Fishing Line, Supermaterial
Illustrated by Christophe Pichette
Ever dreamed of becoming a super hero? Of building a suit like Iron Man's? Using scientific enhancements like Captain America's or Wolverine's?
For years, biologists and engineers alike have been trying to replicate and even enhance muscle for a range of applications, from humanoid robots to exoskeletons (à la Tony Stark) to prosthetic limbs. However, most solutions have been complicated, expensive and, most importantly, lacking in performance.
Is it possible, though, that the solution to such a complex problem is simple––that it already exists and is easily made by anyone with at least one arm?
A group of scientists at the University of Texas at Dallas discovered that by using polymer threads such as Nylon or Polyethylene (aka fishing line), artificial muscle could be produced, and that it only takes two steps:
Step one: tie a weight to the bottom of some fishing line. Step two: coil it up as much as possible (a step coined “supercoiling”). Presto, you’ve got a cutting edge material.
But what designates this “artificial muscle”?
When heat or electric current is applied to this material, it contracts, just like a muscle does. When the stimulus is removed and the material cools down, it quickly returns to its original length.
However, what really make this mundane material (again, this is still technically just a fishing line) truly remarkable is its unbelievable properties, which make our normal muscle seem like a slouch. Based on the study released by UT Dallas, this coiled polymer muscle can contract by 49%, compared to about 33% for human muscle, and it can lift loads over 100 times heavier than human muscle can of the same length and weight! In addition, during contraction, the average mechanical output power is 27.1 kW/kg, or about 36hp/kg. In plain english, that's 84 times that of our own skeletal muscles. In a report about this artificial muscle, it is referred to as being as powerful as a jet engine.
This really got us thinking… if it’s as powerful as a jet engine, why not make an engine out of it? So we’ve started.
At this point, we’ve just begun to fiddle with some Nylon sewing thread, trying to make our own supermaterial, but the results are already astonishing. What began as a completely inflexible fishing line quickly became stretchy and springy. It was strong and didn’t seem remotely contractible until heat was applied with a heat gun. Although still in its infancy as far as our testing goes, we were still able to observe small contractions, and if the scientific report is correct, we should be able to get A LOT more out of it (again, up to 49% of its original length).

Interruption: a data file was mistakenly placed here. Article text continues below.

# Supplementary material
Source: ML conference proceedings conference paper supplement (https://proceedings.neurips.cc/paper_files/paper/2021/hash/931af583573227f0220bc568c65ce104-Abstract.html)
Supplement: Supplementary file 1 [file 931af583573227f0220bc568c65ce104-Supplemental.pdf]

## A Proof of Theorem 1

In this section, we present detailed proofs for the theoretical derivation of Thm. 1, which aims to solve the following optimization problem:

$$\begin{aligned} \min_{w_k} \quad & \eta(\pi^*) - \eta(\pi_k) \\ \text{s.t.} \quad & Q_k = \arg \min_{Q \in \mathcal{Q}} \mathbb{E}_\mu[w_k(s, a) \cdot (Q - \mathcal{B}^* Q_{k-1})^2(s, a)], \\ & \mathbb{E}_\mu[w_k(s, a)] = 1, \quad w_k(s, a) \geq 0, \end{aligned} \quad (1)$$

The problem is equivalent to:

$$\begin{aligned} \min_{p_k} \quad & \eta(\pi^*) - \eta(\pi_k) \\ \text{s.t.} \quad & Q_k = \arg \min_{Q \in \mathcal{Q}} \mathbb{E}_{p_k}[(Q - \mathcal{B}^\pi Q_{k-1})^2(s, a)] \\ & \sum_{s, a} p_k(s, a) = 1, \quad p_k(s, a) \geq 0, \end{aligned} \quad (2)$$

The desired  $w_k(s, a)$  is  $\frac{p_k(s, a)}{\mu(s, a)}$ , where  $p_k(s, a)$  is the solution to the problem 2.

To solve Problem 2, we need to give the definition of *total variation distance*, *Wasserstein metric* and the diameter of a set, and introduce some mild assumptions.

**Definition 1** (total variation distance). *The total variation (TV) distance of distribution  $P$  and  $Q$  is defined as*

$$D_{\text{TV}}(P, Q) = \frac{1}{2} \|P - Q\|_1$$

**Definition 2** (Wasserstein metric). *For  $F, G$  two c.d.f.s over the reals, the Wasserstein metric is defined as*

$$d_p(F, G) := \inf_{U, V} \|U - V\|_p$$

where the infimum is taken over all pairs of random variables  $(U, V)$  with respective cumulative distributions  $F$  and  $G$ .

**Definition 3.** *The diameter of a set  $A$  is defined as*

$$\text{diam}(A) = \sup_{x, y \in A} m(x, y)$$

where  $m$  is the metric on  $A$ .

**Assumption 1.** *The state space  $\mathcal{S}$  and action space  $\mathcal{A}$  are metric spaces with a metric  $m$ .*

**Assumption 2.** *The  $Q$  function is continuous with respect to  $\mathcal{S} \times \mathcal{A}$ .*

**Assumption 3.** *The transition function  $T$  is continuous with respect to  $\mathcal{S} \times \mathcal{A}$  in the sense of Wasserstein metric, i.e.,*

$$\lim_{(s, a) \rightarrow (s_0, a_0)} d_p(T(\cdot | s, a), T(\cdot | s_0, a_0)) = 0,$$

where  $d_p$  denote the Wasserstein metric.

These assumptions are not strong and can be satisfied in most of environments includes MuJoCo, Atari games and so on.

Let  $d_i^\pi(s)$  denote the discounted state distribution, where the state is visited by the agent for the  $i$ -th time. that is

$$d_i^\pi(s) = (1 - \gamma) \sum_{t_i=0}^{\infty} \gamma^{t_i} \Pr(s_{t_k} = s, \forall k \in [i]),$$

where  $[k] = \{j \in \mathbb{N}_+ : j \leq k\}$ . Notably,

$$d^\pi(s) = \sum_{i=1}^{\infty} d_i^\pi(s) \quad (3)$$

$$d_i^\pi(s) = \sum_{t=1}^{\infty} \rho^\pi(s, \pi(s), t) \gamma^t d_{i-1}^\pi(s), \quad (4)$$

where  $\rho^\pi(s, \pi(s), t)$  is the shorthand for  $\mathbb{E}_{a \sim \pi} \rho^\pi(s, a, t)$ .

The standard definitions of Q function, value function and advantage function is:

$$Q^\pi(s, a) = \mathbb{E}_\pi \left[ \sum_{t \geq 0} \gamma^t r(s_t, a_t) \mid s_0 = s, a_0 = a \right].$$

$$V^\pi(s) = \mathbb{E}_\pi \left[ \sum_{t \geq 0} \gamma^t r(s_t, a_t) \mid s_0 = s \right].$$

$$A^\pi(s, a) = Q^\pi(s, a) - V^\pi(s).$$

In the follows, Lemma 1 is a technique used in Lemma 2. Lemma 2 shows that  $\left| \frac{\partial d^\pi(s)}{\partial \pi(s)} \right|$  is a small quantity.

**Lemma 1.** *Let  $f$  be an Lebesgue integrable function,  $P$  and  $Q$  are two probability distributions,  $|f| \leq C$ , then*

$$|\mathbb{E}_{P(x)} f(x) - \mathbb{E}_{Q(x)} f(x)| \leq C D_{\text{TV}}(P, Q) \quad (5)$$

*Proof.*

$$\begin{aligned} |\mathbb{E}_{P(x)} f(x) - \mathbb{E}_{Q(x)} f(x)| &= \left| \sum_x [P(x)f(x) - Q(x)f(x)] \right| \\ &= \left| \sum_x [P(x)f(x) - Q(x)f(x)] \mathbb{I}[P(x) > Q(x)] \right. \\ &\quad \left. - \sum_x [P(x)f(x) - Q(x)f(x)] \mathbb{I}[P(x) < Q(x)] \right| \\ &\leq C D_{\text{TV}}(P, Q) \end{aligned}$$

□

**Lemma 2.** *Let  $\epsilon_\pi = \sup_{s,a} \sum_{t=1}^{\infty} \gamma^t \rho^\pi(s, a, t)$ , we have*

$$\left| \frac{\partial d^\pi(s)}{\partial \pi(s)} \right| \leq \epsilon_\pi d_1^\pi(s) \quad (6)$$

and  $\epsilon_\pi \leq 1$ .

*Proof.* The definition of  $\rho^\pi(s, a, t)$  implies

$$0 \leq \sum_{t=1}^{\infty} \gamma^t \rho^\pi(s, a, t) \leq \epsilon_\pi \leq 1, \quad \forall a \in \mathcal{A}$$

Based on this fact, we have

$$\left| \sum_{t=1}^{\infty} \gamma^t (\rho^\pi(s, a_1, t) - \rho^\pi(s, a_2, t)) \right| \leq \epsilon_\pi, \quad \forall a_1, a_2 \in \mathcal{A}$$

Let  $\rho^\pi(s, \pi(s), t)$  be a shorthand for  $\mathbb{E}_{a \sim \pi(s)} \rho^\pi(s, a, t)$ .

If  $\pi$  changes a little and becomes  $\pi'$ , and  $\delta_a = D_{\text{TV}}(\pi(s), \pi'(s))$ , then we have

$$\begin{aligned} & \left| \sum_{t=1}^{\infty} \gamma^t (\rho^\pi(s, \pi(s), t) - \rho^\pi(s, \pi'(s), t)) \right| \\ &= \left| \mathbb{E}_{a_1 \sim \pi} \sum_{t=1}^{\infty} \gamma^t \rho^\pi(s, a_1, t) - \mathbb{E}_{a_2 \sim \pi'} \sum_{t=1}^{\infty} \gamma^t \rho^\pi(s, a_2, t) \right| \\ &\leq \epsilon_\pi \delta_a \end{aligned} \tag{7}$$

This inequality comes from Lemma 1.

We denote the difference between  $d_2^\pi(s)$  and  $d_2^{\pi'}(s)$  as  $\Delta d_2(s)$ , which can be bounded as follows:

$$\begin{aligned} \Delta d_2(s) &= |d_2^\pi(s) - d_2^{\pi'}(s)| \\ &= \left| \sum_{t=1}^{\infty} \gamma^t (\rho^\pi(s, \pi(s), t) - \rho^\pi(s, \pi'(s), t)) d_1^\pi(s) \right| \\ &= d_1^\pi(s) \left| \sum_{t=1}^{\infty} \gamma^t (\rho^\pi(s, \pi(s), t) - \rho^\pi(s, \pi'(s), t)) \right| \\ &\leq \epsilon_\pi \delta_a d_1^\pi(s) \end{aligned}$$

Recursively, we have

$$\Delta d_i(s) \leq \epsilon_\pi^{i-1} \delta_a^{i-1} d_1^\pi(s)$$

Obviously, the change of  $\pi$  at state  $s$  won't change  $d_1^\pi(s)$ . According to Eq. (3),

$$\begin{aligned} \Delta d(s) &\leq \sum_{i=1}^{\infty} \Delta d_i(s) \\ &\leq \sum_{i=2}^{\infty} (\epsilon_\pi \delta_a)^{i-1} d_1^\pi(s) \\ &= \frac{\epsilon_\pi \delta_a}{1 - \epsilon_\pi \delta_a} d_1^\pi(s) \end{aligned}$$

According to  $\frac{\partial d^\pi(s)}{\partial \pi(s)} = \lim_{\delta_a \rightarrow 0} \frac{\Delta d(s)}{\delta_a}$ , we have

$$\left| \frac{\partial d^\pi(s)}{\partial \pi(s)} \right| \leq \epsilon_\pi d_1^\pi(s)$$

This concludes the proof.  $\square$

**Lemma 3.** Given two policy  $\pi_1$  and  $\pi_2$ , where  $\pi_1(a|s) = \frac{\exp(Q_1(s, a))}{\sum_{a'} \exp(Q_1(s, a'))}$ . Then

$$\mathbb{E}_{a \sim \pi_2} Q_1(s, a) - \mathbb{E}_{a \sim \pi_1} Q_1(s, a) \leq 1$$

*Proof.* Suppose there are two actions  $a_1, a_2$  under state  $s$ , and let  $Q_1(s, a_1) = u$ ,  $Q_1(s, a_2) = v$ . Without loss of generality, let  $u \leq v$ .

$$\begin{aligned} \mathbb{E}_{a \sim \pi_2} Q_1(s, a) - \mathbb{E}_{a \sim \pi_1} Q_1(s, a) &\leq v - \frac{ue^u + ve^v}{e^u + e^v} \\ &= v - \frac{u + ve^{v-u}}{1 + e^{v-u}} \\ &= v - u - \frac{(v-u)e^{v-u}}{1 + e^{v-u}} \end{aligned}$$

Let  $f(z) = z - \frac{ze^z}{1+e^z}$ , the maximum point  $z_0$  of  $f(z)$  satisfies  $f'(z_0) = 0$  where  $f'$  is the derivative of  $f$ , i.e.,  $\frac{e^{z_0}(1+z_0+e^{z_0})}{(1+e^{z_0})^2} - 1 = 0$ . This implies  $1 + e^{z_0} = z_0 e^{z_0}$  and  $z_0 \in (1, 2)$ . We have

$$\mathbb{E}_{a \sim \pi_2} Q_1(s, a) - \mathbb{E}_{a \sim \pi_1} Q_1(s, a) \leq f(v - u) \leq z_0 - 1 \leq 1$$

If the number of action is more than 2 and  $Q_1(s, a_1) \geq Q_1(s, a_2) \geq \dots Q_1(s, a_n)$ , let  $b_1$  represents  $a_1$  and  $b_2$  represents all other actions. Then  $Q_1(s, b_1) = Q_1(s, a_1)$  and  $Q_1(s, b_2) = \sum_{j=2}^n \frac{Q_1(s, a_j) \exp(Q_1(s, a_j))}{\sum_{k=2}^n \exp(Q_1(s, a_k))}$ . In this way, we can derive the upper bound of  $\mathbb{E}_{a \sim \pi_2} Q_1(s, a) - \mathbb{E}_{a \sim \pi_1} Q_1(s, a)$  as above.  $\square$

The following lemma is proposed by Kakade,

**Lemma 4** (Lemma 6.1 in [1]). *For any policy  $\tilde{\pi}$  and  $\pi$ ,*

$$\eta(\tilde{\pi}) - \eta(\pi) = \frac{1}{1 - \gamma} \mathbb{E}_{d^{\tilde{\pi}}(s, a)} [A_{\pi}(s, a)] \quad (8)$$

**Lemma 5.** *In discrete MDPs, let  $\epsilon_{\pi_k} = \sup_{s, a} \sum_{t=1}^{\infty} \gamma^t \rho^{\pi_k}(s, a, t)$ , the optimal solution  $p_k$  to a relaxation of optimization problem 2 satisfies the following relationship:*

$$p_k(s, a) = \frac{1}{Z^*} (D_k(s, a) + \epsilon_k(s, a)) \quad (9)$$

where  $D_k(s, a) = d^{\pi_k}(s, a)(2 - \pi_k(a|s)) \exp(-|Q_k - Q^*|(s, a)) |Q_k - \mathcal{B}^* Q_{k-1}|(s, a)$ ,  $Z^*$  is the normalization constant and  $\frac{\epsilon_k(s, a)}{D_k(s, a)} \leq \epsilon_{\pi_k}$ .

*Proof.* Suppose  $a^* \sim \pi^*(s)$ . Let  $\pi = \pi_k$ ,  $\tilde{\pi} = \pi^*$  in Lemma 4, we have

Using several lines to imitate muscle fiber, we estimate being able to generate enough power to produce a running engine. As stated earlier, a kilogram of this muscle can produce about 36 horsepower during contraction. To put that in perspective, many tractor motors are about 12 hp, and some of the first WW1 fighter planes only had about 40 to 50hp. However, unlike those motors, this engine will weigh just over a kilogram: 1 kg of muscle, and the rest made out of just about anything you want (carbon fiber, lightweight plastics…) seeing as there are no explosions or gasoline as found in an internal combustion engine.
Our design plan is very simple. We hope to develop a very basic two-stroke motor (see the diagram), where this artificial muscle replaces the pistons (those metal bits that go up and down). We will be using conductive, silver-coated nylon thread and periodically passing electricity through it to be able to stimulate the artificial muscle and obtain optimal performance from it. We intend on the system to cool naturally; however, we may have to consider blowing cool air over the coiled material to speed up the process. (We’ll keep you posted).
In our eyes, this engine will serve as a proof of concept and as a testament to this material’s versatility and usability. It demonstrates a lack of collisions and explosions compared to its internal combustion brethren as well as a collision between the fields of biology and engineering, which we feel was equally the intention of its creators. Through materials engineering, they were able to produce a material that relays the properties of human anatomy to a plethora of mechanical applications by the discovery of a new property it possess. It has changed how we view polymer threads and what we can do with them.
In fact, it just might be time to find a new name for “Fishing Line”… We're thinking something much more grand, along the lines of Wolverine’s “Adamantium” or Superman’s “Kryptonite.” This truly is a supermaterial.